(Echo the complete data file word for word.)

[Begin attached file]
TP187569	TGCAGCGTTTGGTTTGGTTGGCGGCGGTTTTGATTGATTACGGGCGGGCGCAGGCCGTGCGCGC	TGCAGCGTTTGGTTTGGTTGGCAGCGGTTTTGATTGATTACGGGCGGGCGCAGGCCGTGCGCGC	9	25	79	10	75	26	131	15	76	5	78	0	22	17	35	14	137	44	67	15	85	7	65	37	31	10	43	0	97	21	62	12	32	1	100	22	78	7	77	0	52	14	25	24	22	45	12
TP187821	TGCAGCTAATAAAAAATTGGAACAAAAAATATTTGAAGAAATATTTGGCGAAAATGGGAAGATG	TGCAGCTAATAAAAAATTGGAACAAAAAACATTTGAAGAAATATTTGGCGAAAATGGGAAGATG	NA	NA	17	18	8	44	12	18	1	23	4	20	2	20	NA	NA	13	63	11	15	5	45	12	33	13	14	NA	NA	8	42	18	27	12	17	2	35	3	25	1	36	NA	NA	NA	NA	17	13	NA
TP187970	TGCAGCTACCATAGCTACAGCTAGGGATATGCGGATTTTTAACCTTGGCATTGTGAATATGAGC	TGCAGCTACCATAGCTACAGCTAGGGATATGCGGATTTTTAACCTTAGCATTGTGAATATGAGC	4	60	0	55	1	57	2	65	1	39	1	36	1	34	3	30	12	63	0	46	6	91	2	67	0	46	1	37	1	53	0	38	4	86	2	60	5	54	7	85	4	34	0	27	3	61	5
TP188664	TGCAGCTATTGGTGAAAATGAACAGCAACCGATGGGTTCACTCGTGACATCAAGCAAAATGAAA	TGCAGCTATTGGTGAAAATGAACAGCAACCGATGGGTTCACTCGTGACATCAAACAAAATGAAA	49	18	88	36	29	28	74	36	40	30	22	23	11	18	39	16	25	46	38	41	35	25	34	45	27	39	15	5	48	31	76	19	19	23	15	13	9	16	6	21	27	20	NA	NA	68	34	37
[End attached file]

TP187569	TGCAGCGTTTGGTTTGGTTGGCGGCGGTTTTGATTGATTACGGGCGGGCGCAGGCCGTGCGCGC	TGCAGCGTTTGGTTTGGTTGGCAGCGGTTTTGATTGATTACGGGCGGGCGCAGGCCGTGCGCGC	9	25	79	10	75	26	131	15	76	5	78	0	22	17	35	14	137	44	67	15	85	7	65	37	31	10	43	0	97	21	62	12	32	1	100	22	78	7	77	0	52	14	25	24	22	45	12
TP187821	TGCAGCTAATAAAAAATTGGAACAAAAAATATTTGAAGAAATATTTGGCGAAAATGGGAAGATG	TGCAGCTAATAAAAAATTGGAACAAAAAACATTTGAAGAAATATTTGGCGAAAATGGGAAGATG	NA	NA	17	18	8	44	12	18	1	23	4	20	2	20	NA	NA	13	63	11	15	5	45	12	33	13	14	NA	NA	8	42	18	27	12	17	2	35	3	25	1	36	NA	NA	NA	NA	17	13	NA
TP187970	TGCAGCTACCATAGCTACAGCTAGGGATATGCGGATTTTTAACCTTGGCATTGTGAATATGAGC	TGCAGCTACCATAGCTACAGCTAGGGATATGCGGATTTTTAACCTTAGCATTGTGAATATGAGC	4	60	0	55	1	57	2	65	1	39	1	36	1	34	3	30	12	63	0	46	6	91	2	67	0	46	1	37	1	53	0	38	4	86	2	60	5	54	7	85	4	34	0	27	3	61	5
TP188664	TGCAGCTATTGGTGAAAATGAACAGCAACCGATGGGTTCACTCGTGACATCAAGCAAAATGAAA	TGCAGCTATTGGTGAAAATGAACAGCAACCGATGGGTTCACTCGTGACATCAAACAAAATGAAA	49	18	88	36	29	28	74	36	40	30	22	23	11	18	39	16	25	46	38	41	35	25	34	45	27	39	15	5	48	31	76	19	19	23	15	13	9	16	6	21	27	20	NA	NA	68	34	37